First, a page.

“Growing up in Paynesville, Mo., was nice and quiet. It was a pretty basic farm setting. I had a pony and did a lot of things with 4-H and show cattle and things.
“My three sisters didn’t have any interest in doing stuff outside like that, and I didn’t have any interest in cooking and so forth, either. I grew up like a farm boy, I guess you could say.
“My sisters, Betty and Sally, live in Colorado Springs. Dorothy Ann lives in Missouri. They all went to college, but I didn’t really have any interest, so I hung around the farm for a long time.
“I decided to go over to Sedalia and take a couple of courses once to see if there was anything out there for me besides hanging around the farm.
“I decided to take some classes because my dad wouldn’t let me drive the tractors and other things that boys were allowed to do. My cousins used to visit from Oklahoma City and my dad would let them ride it because they were boys. That used to make me so mad. I could do it, too.
“So, I went to Sedalia to take some classes. It wasn’t for me, but I did meet my husband there and after we got married we got to traveling.
“My husband worked for Morrison-Knudsen building missile silos in Missouri. Then, he got into seismographing work at Western Geophysical and we ended up moving here, there and everywhere.
“We ended up living in Alabama for a while, we were in Ardmore, Okla., Montrose for a little while and Cheyenne, Wyo. for a while.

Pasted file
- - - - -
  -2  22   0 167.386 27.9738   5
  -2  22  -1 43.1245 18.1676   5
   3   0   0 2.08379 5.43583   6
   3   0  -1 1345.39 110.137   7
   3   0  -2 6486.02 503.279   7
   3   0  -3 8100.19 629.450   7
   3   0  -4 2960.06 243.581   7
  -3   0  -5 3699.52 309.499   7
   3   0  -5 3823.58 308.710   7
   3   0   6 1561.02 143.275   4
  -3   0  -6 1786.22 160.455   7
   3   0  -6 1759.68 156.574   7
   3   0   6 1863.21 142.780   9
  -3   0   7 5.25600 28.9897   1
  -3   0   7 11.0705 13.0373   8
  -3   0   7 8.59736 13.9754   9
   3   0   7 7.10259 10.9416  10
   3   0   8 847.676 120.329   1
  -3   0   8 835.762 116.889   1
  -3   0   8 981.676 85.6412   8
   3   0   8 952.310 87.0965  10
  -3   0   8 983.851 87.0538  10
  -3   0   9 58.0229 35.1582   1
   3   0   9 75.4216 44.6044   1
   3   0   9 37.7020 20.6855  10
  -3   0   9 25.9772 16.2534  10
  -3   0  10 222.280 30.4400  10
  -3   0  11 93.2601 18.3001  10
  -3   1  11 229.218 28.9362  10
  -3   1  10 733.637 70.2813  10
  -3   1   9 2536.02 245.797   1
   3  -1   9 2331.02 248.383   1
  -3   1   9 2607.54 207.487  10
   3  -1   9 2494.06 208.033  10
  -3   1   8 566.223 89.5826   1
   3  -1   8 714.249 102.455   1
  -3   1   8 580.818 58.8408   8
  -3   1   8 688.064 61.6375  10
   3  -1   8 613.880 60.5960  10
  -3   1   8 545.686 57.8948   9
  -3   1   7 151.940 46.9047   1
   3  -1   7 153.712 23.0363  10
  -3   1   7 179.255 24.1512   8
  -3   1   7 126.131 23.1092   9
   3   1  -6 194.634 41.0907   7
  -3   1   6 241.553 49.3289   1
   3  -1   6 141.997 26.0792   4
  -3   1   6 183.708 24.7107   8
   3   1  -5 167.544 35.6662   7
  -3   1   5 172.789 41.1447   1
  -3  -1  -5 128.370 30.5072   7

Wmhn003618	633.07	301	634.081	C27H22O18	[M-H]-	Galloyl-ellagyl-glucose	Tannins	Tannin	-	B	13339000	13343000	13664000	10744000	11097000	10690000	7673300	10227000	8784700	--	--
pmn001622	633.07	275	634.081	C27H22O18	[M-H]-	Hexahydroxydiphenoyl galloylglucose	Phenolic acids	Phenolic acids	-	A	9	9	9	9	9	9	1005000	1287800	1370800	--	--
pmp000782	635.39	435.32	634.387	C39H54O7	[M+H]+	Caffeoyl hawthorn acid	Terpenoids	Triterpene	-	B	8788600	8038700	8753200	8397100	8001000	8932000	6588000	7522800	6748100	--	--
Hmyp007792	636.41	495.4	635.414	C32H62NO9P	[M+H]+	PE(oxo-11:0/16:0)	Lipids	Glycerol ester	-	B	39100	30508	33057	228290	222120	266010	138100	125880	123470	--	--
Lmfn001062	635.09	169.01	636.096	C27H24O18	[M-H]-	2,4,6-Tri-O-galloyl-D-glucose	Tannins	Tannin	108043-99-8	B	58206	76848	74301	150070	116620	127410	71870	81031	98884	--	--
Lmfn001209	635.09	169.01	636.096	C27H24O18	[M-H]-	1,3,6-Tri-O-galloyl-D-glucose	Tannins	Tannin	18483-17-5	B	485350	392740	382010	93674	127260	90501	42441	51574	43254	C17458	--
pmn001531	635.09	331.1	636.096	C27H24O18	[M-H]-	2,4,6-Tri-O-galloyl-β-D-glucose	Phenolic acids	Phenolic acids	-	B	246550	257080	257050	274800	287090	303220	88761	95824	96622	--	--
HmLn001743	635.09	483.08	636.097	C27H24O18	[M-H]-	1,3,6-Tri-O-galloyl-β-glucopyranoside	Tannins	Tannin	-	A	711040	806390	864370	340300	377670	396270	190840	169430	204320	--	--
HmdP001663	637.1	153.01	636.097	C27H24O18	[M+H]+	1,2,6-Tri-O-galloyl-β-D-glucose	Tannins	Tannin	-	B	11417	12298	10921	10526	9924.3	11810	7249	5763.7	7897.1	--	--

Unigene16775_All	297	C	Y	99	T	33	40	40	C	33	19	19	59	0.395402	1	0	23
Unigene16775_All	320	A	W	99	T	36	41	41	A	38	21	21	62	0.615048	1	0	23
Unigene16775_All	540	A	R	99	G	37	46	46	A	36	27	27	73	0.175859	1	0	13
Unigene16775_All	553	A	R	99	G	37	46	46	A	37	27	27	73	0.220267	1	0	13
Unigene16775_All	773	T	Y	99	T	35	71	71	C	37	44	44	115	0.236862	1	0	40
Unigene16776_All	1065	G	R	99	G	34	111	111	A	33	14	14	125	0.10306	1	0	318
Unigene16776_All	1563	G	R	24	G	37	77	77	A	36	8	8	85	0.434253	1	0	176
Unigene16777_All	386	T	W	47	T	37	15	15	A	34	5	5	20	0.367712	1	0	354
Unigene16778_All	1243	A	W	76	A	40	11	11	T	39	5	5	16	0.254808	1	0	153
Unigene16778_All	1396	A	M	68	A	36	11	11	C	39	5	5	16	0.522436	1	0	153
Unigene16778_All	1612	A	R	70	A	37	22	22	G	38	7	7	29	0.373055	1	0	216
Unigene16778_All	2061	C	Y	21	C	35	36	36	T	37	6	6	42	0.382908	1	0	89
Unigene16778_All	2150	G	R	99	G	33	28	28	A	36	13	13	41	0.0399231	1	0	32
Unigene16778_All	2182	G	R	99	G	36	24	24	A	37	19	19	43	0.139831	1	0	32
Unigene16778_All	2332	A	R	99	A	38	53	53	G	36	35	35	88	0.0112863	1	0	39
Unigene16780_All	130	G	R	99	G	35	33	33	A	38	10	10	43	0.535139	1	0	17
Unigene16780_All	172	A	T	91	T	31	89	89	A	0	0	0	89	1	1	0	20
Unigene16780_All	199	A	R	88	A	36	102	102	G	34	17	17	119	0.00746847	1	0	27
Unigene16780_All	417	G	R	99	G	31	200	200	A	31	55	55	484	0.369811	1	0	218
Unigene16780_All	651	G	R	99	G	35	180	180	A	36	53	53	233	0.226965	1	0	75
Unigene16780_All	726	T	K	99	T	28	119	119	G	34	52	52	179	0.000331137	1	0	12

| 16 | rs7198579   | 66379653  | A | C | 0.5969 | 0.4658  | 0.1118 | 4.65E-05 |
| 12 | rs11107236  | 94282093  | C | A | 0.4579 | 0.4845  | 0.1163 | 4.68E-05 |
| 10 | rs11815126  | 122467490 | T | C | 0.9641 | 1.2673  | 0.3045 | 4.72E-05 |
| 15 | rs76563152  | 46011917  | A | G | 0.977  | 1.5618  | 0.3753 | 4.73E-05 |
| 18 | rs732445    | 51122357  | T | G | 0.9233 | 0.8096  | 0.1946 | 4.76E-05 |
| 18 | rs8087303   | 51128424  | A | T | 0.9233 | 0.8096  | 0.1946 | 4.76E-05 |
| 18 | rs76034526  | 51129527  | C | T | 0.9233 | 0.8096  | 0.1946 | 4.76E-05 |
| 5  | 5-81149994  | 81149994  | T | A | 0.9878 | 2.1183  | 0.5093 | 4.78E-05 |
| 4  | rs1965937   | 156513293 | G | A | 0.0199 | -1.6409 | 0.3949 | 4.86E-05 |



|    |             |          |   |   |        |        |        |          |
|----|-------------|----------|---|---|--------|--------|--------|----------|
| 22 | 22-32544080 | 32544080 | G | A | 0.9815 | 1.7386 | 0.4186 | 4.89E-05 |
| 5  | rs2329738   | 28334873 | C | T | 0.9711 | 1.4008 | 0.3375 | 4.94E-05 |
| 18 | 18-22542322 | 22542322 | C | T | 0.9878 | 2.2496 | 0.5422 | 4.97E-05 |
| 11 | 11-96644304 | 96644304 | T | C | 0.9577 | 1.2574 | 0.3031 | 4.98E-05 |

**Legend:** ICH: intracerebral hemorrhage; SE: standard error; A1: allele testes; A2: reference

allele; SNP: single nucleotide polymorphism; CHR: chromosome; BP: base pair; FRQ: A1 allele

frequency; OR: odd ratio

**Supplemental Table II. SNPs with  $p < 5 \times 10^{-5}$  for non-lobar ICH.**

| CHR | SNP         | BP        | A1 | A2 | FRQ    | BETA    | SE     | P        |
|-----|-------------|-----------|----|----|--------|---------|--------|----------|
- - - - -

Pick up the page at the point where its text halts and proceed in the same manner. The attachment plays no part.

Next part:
“We moved to Craig in 1973 from Green River, Wyo., and I’ve been here ever since. I ran the shoe department at Kmart for 16-and-a-half years, until I was 63 years old.
“I’ve got a son, Chris, who lives in Craig and a daughter, Becky, who lives in Roswell, N.M. You know, with the aliens. She works at the UFO Museum now and she always tells me tidbits about what’s going on down there.
“I’ve been volunteering at (The Memorial Hospital in Craig) for more than 14 years. Part of the time, I worked up at the front desk. That’s what I did at the old hospital. I’ve been volunteering in the gift shop ever since the new hospital opened, but my favorite job was shredding.
“I would go around and pick up legal papers and take them to the shredder for six or seven years. But, now they have a guy come in and shred the documents on site.
“That’s one thing I don’t like about the new hospital — they don’t give volunteers enough to do. I think it has something to do with the HIPPA laws now-a-days, which I understand, but I still wish there was more to do.
“I really enjoy volunteering. In fact, I volunteer down at the (Moffat County Fair), too. I like traveling around a bit and I like going by myself even though people say I shouldn’t do that. But, I’m pretty independent.
“If I were to give young people one piece of advice it would be try to get along with people. Try not to let things get to you. I do let things get to me and as a result I’ve held grudges against people for a long time. Don’t take things personally, let them go and try to get along with folks.”
— Interview by Joe Moylan, M2
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